Let’s (not) talk about body image


By Julia Brooks

As of late, Mindy Kaling is my number one comedy queen. Refreshingly honest and hilarious, she is my role model and wannabe best friend.

However, her curves and rich skin earn her extra attention in an industry filled with relatively homogenous actresses.

A couple of weeks ago, Mindy appeared on “Jimmy Kimmel.” In her interview,  she jokingly addressed the backhanded comments she often receives for being comfortable with her curves. For example, she said, “It’s so refreshing that Mindy feels comfortable letting herself go and being a fat sea monster.”

Mindy expressed her frustration at being told that she is a role model because she does not subscribe to the ideals of beauty that other people do.

But guess what? She does! As she so perfectly put it in her interview, “I run and work out! It takes a lot of effort to look like a normal chubby woman!”

Mindy’s words felt like a splash of fresh water on my face, so I started to think.

I learned long ago in biology class that genetics are the basis for our body structures. Genes determine our eye colors, heights, bone structures, finger lengths and shoe sizes. Each part of our bodies are a perfect combination of our parents’ genes. We cannot jump into our DNA and reconfigure the genes for thigh size.

The thing is, this lack of control is not easy to accept.

I spent my middle and high school years as a figure skater. By nature of the sport, I was constantly competing with other girls.  Therefore, I was also constantly comparing myself to other girls.

On top of this, my friends and I would frequently discuss our distaste for our muscular bottom halves. Over time, the possibility of skinny became superimposed on my set of strong, healthy legs. From a young age, like so many other girls, I was programmed to base my self-worth on comparison.

Over winter break, I decided to knit a scarf. I went to the store and chose the color and thickness of the yarn. When I reunited with my friend, she showed me a scarf she had made. We loved the coincidence and proceeded to compare our scarves. This whole situation makes sense.

What doesn’t seem to make sense is why women feel the urge to compare body shapes. I did not sit down and knit together my adenosines and phosphates to my liking.  We need to stop comparing our bodies as if we have the power to create our own.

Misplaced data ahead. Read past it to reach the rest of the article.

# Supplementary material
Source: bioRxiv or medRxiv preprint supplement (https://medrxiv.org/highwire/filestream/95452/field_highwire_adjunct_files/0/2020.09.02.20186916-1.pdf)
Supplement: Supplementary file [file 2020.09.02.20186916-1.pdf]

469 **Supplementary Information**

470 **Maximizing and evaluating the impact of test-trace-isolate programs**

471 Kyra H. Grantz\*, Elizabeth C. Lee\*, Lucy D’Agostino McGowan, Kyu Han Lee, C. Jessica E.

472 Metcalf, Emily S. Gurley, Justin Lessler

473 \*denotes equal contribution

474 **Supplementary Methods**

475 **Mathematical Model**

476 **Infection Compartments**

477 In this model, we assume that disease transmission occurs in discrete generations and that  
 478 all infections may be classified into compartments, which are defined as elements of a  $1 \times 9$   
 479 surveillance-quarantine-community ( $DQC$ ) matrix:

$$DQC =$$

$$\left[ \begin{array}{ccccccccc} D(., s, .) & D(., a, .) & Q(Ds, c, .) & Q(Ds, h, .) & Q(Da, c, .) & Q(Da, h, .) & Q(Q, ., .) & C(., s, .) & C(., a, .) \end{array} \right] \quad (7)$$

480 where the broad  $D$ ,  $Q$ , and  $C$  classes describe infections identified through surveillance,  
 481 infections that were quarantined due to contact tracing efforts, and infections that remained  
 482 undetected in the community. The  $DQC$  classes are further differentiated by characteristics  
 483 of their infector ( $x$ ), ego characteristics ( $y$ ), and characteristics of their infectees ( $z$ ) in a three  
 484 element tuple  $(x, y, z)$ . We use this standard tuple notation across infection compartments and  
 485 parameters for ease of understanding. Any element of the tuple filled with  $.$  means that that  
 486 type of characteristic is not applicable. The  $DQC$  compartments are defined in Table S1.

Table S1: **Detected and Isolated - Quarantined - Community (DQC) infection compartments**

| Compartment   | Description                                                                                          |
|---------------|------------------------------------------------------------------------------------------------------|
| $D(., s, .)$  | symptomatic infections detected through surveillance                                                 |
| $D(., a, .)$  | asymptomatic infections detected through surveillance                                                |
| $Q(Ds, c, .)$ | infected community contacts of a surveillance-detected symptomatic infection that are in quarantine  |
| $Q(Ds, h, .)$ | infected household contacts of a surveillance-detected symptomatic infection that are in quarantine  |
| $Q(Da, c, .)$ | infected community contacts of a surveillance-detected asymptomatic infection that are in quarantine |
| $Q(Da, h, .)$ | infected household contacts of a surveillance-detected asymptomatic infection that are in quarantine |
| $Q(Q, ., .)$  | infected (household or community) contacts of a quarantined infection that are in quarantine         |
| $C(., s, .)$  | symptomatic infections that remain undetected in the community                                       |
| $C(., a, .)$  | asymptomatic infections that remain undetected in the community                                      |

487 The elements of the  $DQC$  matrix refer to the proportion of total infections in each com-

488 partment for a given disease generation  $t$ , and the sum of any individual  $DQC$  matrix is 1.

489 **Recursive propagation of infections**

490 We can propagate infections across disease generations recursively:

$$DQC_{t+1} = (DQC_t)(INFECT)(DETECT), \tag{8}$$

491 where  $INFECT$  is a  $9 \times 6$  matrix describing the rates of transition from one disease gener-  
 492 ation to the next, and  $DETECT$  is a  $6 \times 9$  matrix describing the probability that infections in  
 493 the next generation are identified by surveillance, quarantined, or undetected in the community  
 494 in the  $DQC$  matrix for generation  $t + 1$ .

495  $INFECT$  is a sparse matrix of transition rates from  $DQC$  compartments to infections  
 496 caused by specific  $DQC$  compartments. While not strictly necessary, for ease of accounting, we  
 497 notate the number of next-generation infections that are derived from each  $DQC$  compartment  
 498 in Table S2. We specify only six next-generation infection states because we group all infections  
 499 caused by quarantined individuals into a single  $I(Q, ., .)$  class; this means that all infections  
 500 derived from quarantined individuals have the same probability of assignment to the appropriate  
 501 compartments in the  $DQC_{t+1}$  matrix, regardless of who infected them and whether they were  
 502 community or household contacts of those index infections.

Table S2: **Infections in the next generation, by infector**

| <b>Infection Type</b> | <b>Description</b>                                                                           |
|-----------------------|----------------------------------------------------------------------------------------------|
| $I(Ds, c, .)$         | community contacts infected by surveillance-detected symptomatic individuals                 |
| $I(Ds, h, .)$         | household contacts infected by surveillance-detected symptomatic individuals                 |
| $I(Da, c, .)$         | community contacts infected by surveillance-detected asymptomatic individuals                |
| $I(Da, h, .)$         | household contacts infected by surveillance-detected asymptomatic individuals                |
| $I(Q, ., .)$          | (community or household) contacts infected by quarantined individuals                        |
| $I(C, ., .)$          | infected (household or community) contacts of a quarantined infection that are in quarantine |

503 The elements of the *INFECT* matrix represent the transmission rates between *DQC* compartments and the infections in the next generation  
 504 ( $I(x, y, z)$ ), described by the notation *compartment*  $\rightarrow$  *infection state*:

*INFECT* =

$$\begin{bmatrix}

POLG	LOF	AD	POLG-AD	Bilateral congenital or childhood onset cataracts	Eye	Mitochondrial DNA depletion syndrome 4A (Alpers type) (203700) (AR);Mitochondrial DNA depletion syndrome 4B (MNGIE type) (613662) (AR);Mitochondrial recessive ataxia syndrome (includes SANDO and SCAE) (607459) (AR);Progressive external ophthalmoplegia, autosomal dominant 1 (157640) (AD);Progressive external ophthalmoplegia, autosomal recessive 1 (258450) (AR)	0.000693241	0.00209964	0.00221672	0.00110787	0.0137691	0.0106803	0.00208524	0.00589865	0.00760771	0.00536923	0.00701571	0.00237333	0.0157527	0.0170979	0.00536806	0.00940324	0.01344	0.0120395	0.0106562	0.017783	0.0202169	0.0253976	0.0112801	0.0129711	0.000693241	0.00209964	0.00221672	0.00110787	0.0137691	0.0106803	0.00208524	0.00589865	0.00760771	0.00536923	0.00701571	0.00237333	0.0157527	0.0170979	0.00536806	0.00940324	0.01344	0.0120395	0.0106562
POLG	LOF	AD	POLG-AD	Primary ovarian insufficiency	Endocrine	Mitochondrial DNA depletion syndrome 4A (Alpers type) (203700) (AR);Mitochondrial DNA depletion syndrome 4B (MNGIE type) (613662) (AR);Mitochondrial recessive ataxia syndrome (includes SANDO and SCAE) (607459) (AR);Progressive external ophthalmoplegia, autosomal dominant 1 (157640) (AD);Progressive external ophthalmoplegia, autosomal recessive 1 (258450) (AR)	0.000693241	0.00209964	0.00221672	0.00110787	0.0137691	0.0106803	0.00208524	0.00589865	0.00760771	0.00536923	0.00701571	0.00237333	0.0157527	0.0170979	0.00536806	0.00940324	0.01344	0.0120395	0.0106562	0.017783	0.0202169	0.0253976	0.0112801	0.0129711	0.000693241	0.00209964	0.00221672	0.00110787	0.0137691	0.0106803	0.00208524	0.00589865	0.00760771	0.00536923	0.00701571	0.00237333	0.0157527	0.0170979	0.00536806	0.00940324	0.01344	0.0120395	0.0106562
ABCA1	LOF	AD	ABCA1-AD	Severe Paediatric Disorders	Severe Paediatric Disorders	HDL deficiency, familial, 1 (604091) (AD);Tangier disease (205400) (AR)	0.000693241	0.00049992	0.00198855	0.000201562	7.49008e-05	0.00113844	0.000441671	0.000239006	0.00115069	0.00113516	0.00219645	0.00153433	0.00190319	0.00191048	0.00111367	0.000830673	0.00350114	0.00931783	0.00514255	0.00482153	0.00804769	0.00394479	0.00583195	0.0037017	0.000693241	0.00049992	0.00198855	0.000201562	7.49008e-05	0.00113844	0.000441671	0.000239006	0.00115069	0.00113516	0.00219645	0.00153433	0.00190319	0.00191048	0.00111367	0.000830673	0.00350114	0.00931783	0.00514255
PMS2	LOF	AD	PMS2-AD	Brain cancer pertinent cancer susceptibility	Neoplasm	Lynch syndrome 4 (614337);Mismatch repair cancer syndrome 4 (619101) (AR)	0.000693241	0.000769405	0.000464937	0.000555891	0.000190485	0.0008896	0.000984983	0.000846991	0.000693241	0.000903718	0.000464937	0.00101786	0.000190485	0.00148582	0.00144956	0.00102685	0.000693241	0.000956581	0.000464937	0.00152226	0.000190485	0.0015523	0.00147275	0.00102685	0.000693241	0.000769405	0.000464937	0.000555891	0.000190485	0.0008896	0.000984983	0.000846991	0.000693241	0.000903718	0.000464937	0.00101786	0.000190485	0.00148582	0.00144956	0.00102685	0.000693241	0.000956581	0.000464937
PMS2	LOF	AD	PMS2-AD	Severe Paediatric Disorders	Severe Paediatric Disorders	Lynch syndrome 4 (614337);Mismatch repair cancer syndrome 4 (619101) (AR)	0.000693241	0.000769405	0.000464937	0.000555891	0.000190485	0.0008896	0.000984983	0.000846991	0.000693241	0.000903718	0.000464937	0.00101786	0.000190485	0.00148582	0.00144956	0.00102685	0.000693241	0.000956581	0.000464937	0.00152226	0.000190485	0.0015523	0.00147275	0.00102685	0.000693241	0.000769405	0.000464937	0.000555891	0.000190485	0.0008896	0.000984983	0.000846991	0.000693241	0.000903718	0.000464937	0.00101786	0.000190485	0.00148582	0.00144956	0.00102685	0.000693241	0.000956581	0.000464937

If we’re being real, real women come in all different sizes. Some women are naturally straight and some are naturally shapely.

When we preach that “real women have curves,” we ignore the notion that we are all predetermined medleys of DNA.

As women, we need to be real. We need to see that we are all doing our best to feel our best.

Ambition is better than complacency. Compassion wins over cruelty. The Schenectady spring is astronomically better than its winter winds. These truths are all self-evident. But as far as I’m concerned, I can’t find the evidence to prove that a size 00 is better than a size 6. I can’t find any universal truths that make 140 pounds better than 98.

We are all so beautifully different. When we focus too much on size, we are wasting time that could be spent feeling great.

We need to disengage from size and reengage with what makes each of us so loveable. A sense of humor, a love for piano, a knack for writing, a love for cats and a killer tennis serve shouldn’t be overlooked. These are the things that make you and all the girls around you truly beautiful.

Our bodies are our homes. They hold our thoughts, quirks and loves. We all want and need to feel vibrant in the bodies that we have.

As I look at what I want out of my life, I want time to be happy. I want to move my legs. I want to run and dance. I want my face in the sun. I want to laugh, eat, write and sing.

None of these things require me to be a certain size, but all of them can make me feel beautiful.


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